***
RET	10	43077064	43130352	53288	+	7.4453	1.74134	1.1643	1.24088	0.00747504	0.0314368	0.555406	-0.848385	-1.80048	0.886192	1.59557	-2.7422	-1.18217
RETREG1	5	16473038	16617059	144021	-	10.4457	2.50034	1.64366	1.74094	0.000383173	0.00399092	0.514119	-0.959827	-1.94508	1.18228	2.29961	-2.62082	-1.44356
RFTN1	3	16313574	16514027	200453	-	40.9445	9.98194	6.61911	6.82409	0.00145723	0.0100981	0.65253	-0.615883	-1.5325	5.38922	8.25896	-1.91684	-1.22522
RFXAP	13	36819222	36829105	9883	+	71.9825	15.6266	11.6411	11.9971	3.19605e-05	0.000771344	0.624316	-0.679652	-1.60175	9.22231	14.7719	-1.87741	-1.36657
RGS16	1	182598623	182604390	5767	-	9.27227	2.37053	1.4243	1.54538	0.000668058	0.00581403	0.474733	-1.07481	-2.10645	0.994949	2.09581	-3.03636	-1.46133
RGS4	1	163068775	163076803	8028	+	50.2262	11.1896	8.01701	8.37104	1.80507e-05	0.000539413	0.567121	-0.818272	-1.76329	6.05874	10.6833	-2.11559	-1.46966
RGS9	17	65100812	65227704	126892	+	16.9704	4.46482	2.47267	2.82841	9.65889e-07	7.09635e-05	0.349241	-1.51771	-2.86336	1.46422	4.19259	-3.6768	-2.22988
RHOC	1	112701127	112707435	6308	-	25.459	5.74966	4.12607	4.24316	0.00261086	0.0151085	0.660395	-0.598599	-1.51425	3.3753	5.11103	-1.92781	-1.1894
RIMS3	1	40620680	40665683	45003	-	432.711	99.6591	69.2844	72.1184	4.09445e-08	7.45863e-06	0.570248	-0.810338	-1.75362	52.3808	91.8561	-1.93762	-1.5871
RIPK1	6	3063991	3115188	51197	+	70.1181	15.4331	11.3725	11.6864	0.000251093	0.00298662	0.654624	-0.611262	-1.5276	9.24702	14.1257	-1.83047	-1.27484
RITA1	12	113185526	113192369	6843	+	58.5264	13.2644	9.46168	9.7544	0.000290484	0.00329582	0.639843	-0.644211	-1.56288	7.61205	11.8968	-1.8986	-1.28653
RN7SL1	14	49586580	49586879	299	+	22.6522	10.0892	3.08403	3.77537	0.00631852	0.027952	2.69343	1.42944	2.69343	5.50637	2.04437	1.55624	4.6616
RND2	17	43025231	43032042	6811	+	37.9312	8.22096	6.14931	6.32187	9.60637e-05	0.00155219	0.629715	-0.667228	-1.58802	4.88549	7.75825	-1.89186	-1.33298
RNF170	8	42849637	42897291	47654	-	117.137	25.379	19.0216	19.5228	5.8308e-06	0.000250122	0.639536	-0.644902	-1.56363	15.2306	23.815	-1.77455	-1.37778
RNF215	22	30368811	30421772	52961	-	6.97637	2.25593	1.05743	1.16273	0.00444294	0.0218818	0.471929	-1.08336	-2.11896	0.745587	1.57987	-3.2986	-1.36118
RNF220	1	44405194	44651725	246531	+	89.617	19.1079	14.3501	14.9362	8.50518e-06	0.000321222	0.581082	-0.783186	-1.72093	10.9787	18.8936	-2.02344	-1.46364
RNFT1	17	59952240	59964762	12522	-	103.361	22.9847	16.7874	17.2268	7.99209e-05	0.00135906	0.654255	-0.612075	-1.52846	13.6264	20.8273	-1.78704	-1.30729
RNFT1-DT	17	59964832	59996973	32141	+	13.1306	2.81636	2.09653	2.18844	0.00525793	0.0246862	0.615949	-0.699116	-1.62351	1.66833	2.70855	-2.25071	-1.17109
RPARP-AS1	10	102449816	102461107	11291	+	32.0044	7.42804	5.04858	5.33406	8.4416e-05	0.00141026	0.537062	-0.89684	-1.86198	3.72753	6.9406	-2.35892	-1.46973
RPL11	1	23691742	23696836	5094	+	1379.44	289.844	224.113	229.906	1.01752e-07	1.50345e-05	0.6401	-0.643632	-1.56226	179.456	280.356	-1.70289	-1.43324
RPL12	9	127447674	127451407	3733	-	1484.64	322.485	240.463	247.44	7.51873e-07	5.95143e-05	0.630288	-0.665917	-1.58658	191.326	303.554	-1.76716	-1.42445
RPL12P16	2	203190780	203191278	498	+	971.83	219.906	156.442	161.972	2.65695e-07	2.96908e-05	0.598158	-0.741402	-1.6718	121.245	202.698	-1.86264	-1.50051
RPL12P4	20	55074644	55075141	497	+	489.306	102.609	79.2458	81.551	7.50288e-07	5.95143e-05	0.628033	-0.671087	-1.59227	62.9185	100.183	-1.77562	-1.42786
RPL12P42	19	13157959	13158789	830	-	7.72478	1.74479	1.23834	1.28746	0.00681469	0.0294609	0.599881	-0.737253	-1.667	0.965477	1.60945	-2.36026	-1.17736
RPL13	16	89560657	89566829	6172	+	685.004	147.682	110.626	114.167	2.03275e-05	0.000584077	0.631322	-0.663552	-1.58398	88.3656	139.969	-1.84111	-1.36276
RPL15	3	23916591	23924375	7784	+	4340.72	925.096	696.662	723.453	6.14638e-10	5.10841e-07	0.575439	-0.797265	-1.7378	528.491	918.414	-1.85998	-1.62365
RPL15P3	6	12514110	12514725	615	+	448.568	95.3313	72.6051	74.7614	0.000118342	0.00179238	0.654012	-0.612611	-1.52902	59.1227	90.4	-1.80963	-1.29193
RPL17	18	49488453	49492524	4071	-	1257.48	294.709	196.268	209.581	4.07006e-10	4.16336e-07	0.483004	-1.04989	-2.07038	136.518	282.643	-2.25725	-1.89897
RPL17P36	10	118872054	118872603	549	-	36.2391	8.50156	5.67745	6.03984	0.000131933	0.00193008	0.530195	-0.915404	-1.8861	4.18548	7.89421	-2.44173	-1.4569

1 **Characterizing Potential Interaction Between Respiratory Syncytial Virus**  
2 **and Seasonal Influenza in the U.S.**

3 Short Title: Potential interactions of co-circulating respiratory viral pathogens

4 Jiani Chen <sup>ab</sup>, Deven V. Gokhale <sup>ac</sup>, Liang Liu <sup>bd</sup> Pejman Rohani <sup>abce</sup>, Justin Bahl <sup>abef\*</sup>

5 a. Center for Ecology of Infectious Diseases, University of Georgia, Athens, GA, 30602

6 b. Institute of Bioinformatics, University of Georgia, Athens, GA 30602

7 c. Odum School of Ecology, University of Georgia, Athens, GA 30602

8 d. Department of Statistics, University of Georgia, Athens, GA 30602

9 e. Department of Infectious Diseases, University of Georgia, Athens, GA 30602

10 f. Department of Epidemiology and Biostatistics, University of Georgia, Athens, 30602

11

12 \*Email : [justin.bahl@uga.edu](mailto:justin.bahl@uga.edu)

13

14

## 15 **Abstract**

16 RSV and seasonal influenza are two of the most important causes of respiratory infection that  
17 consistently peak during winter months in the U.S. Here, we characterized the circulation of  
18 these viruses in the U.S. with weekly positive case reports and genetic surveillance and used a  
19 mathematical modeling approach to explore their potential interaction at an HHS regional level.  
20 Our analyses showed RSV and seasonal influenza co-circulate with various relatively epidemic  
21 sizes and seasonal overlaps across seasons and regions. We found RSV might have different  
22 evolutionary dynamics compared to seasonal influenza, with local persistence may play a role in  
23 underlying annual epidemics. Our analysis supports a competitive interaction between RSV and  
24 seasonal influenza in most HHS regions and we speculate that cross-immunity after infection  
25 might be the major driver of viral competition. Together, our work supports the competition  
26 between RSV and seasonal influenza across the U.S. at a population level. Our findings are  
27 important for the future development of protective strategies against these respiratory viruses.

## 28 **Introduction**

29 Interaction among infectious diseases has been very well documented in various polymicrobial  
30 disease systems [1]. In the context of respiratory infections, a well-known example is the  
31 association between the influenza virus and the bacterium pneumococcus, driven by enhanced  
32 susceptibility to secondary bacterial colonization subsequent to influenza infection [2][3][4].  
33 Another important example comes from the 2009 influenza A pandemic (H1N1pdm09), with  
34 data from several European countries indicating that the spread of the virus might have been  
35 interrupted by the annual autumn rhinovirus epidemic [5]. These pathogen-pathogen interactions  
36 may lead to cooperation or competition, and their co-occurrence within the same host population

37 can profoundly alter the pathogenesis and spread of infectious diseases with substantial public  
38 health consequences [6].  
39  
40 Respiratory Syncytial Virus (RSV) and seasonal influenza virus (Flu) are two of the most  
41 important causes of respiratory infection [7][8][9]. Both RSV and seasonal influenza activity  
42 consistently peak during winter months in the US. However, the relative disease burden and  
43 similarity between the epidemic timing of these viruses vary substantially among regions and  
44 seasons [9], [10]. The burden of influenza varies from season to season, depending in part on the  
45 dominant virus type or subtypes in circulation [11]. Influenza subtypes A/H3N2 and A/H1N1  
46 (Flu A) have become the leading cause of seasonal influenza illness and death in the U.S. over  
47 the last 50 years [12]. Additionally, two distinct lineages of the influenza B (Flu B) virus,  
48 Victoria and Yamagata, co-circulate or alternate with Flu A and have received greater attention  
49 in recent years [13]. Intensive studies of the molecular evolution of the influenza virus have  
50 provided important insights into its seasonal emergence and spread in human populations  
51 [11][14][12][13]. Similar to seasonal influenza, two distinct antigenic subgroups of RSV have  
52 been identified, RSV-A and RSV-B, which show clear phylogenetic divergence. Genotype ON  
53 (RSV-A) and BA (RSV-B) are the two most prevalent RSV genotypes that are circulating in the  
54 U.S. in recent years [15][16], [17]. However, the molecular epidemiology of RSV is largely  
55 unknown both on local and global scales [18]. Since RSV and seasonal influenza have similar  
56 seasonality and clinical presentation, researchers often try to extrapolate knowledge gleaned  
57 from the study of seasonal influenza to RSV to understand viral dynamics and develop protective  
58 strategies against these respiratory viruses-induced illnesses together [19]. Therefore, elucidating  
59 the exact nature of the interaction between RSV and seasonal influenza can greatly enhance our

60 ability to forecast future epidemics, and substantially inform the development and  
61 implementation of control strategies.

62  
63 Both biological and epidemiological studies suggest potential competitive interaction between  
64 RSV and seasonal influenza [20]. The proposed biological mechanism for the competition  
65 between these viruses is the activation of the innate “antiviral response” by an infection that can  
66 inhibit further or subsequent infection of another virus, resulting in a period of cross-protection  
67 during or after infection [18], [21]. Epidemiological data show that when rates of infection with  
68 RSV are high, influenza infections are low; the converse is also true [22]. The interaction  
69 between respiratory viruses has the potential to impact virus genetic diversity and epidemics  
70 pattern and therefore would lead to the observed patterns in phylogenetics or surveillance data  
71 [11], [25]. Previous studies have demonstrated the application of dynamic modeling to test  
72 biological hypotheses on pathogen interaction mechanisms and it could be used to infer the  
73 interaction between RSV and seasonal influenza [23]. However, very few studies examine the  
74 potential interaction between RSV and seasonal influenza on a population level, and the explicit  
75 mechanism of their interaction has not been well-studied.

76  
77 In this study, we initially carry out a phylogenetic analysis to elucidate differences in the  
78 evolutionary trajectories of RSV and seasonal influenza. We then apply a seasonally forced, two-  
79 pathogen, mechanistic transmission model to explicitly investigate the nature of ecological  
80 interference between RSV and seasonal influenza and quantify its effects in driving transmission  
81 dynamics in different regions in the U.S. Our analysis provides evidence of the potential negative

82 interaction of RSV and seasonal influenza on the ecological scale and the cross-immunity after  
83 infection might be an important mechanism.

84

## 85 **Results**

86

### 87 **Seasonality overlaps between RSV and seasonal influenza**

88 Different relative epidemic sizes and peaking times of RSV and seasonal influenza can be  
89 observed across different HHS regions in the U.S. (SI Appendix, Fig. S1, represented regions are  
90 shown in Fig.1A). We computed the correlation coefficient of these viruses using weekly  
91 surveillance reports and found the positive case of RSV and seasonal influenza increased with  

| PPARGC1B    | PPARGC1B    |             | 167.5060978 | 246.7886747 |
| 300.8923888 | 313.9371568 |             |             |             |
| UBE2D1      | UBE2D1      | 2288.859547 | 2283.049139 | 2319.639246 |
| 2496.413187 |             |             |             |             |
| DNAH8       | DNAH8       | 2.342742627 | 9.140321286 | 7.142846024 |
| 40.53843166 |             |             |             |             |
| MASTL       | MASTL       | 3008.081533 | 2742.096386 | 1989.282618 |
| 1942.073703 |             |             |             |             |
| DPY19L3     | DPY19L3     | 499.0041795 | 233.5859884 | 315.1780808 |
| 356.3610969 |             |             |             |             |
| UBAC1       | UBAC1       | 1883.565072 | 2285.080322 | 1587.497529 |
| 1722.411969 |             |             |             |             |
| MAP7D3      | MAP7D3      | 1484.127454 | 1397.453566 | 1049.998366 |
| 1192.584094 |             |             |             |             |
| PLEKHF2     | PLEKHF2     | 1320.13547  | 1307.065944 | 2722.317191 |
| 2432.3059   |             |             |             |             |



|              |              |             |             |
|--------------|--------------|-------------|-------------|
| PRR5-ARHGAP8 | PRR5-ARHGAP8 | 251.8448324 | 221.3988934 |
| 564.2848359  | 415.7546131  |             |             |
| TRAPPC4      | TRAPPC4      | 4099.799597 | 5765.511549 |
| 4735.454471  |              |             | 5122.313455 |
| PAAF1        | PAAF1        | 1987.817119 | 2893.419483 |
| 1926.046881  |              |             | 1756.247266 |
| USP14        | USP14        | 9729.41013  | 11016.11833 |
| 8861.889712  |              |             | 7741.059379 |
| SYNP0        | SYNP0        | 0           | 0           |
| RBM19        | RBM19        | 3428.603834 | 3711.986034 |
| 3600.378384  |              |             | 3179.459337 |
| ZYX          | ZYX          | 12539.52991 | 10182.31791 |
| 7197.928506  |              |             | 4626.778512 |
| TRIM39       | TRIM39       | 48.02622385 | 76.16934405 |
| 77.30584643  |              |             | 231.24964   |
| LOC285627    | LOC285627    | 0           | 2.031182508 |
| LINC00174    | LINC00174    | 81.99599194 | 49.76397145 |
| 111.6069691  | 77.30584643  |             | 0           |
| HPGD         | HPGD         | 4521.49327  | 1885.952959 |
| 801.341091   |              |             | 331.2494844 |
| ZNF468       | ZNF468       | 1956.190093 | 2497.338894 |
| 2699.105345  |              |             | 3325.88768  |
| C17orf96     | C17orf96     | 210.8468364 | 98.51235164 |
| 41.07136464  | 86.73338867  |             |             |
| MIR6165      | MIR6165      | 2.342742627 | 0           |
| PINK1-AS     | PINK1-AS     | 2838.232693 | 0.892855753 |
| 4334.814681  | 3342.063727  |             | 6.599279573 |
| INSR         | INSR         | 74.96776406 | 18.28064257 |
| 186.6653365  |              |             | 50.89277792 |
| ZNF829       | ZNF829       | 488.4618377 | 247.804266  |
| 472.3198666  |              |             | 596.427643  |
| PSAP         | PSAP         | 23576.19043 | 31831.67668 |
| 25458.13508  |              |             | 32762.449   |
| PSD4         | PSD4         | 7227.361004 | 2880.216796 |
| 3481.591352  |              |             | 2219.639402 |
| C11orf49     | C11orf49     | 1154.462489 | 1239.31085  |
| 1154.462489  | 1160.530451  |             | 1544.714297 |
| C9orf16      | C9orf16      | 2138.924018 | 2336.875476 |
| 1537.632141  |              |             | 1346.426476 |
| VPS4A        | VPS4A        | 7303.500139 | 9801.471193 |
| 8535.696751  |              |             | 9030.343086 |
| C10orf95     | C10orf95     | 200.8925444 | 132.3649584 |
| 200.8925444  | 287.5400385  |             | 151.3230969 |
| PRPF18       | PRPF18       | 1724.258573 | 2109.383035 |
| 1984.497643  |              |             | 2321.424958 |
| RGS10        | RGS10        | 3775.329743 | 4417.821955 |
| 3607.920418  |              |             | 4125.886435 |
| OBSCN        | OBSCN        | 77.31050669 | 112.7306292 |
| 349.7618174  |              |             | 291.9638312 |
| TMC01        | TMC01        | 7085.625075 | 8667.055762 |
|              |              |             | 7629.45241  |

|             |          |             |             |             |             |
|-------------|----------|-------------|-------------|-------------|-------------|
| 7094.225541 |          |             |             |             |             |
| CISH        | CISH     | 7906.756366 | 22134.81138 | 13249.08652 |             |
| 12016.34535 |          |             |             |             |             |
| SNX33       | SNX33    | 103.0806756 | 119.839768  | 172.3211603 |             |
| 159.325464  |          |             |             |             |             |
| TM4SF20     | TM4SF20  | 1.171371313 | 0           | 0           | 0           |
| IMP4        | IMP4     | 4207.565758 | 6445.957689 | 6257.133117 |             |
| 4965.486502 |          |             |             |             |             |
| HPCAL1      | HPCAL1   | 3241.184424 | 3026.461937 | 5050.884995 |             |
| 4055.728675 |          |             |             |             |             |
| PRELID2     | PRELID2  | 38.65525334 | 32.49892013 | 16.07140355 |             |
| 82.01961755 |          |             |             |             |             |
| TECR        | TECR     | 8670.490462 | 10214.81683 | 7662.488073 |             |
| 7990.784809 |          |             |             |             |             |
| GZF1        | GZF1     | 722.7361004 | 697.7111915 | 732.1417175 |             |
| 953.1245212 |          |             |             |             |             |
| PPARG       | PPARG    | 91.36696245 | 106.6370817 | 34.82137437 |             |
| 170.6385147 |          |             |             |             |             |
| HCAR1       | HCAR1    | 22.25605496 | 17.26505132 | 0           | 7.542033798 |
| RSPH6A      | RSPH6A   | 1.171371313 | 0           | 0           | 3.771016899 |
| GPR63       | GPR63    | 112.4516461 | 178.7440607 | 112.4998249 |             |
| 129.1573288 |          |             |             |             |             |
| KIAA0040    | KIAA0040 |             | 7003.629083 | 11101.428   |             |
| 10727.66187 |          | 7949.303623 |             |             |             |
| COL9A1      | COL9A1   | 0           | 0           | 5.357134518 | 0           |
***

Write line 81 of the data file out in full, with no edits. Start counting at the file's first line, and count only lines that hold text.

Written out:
52 been identified, RSV-A and RSV-B, which show clear phylogenetic divergence. Genotype ON  